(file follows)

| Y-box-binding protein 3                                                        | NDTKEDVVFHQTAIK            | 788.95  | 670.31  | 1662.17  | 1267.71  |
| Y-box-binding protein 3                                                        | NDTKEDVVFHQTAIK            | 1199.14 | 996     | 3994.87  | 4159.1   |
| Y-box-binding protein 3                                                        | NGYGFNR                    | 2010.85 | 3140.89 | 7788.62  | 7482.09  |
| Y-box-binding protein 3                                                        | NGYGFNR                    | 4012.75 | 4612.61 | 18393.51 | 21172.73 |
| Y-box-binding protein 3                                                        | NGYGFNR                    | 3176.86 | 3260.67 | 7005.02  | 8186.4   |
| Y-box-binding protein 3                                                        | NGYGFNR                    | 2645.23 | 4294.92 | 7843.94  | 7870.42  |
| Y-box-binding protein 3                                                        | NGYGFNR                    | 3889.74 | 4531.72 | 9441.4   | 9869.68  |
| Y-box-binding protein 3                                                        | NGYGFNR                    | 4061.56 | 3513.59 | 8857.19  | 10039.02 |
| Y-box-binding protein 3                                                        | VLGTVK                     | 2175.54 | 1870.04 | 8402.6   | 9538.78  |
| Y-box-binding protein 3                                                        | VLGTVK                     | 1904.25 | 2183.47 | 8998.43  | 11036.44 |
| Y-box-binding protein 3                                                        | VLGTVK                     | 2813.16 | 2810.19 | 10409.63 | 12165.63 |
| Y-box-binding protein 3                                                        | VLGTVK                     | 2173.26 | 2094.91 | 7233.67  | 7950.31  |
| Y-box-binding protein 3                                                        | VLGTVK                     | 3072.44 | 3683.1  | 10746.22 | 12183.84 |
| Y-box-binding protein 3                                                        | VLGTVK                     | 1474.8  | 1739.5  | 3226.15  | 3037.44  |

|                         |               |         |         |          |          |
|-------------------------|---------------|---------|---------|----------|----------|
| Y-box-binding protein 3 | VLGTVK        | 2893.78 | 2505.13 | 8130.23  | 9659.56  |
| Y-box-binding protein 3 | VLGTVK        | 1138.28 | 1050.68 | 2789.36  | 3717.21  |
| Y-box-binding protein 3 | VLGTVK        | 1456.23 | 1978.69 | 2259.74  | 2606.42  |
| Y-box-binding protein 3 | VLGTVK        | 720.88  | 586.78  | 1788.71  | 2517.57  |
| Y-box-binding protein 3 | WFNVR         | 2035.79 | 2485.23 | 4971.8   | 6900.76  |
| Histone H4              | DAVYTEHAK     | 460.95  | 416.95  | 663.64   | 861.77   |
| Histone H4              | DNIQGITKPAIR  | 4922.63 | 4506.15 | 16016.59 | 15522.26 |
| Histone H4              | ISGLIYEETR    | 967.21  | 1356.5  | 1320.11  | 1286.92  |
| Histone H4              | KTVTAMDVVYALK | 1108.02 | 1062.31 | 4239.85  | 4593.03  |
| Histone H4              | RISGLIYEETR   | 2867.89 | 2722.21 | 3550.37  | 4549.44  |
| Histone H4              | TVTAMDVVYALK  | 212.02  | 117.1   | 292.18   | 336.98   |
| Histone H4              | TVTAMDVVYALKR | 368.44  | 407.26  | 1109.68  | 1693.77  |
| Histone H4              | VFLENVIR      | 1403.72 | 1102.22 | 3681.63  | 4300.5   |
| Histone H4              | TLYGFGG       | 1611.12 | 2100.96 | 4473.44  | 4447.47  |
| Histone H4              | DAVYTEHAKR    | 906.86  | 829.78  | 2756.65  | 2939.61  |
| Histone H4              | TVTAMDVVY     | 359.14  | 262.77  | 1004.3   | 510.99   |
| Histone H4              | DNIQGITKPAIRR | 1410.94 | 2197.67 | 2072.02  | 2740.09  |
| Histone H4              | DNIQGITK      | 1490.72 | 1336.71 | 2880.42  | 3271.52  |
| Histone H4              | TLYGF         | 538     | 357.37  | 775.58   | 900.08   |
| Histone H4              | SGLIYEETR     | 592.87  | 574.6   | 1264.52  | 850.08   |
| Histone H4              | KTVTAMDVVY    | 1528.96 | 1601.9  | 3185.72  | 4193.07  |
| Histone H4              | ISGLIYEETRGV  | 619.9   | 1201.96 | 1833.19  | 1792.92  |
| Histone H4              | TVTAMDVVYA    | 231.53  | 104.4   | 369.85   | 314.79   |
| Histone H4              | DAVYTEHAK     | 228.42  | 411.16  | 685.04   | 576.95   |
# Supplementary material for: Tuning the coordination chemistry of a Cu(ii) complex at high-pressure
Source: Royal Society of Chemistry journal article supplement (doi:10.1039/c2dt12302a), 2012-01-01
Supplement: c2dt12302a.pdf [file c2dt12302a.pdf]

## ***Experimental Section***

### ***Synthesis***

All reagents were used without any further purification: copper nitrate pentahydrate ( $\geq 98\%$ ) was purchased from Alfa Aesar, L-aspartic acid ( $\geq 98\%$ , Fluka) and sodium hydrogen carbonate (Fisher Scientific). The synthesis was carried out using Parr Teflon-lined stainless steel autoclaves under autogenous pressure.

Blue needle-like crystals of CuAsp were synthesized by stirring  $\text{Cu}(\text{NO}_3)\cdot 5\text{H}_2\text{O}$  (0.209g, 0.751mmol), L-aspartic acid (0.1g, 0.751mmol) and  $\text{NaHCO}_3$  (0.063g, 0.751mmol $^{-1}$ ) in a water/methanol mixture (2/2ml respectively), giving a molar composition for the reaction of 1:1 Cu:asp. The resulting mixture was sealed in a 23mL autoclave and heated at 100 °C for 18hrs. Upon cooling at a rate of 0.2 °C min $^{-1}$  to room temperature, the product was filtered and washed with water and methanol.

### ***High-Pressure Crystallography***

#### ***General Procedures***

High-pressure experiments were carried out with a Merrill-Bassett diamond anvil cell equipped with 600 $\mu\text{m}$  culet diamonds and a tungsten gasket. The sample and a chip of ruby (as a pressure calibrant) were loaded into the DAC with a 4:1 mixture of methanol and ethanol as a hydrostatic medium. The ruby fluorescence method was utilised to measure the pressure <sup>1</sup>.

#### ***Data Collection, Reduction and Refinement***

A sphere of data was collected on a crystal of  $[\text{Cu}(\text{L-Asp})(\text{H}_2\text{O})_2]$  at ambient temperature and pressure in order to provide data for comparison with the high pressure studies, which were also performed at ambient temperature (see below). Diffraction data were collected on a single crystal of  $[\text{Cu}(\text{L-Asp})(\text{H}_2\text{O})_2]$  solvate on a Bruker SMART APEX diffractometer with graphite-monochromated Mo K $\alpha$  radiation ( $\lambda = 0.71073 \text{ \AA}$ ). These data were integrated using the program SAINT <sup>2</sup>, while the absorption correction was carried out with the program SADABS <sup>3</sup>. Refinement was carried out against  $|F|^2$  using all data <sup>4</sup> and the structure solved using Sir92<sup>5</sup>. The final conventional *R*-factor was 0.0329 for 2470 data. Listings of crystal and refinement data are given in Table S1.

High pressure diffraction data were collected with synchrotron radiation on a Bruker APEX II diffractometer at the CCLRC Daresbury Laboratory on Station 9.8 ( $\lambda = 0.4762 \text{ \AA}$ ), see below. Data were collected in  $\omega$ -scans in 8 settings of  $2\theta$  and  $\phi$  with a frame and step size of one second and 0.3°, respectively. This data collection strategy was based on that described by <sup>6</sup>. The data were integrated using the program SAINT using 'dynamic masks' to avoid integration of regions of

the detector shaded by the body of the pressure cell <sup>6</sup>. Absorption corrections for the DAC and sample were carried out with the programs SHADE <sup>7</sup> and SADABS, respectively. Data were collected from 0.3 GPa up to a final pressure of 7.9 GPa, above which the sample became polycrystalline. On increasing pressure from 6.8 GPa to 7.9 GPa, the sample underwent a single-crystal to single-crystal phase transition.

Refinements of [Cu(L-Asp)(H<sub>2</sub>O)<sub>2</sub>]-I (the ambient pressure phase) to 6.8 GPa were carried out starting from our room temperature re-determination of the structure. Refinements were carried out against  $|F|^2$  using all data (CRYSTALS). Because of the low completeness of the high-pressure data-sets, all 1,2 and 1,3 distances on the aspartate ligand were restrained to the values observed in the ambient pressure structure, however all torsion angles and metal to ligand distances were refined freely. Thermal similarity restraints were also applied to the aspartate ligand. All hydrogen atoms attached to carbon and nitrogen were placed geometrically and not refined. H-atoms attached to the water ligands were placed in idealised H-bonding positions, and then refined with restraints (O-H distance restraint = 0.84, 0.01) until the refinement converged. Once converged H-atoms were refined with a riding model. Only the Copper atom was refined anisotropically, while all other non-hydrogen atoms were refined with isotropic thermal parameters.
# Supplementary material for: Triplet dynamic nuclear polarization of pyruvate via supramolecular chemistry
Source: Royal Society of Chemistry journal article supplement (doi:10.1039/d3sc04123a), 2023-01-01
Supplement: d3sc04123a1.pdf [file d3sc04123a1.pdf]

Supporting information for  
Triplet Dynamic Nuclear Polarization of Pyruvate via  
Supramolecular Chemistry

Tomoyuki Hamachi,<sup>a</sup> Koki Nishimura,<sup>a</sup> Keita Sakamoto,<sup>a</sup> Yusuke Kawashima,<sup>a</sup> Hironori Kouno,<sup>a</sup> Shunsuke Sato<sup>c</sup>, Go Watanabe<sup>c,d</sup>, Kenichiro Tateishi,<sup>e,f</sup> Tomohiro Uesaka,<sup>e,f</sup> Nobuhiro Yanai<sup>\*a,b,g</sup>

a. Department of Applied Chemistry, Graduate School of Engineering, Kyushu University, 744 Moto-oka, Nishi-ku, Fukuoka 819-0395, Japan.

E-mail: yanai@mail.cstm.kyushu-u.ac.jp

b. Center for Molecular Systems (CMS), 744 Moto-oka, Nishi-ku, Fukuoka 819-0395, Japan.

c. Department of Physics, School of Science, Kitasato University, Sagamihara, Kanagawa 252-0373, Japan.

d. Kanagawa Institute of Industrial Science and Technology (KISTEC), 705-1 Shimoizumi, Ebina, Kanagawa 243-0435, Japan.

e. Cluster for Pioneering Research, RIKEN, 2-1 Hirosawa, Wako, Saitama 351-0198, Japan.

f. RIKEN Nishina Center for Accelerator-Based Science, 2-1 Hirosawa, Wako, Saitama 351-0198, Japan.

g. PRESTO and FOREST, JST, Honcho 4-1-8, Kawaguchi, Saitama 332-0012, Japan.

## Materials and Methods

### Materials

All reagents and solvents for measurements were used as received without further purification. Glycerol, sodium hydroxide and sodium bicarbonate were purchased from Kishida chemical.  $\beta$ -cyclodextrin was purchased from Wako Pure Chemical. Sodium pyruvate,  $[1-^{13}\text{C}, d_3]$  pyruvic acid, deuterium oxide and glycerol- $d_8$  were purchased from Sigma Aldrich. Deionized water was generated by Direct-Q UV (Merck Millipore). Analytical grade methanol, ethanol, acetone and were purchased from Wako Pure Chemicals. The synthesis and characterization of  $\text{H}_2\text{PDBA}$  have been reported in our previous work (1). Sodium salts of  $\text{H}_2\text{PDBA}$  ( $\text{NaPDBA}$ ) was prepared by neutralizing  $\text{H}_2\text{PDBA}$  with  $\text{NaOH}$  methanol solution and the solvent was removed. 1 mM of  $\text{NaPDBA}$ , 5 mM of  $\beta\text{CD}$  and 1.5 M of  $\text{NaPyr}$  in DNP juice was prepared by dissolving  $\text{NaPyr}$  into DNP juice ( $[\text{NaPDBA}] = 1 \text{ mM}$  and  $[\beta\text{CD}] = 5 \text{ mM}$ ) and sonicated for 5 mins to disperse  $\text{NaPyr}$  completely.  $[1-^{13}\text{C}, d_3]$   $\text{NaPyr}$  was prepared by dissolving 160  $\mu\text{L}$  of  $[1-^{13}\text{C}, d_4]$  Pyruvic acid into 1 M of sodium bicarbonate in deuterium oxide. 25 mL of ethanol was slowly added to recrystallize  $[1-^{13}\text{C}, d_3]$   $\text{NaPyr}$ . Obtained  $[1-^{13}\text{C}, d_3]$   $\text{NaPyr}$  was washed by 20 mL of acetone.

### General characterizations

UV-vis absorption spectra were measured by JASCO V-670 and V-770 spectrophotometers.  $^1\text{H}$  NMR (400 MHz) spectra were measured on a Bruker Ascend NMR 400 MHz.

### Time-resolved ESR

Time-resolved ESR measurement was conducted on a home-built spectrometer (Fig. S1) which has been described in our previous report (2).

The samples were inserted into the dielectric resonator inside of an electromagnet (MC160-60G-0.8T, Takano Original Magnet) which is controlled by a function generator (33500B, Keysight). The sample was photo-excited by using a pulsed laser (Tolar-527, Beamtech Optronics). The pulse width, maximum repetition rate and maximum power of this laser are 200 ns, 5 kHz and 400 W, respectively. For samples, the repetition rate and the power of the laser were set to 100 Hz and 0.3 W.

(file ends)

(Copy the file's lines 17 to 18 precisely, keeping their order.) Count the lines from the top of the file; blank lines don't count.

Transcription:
| Y-box-binding protein 3 | VLGTVK        | 2893.78 | 2505.13 | 8130.23  | 9659.56  |
| Y-box-binding protein 3 | VLGTVK        | 1138.28 | 1050.68 | 2789.36  | 3717.21  |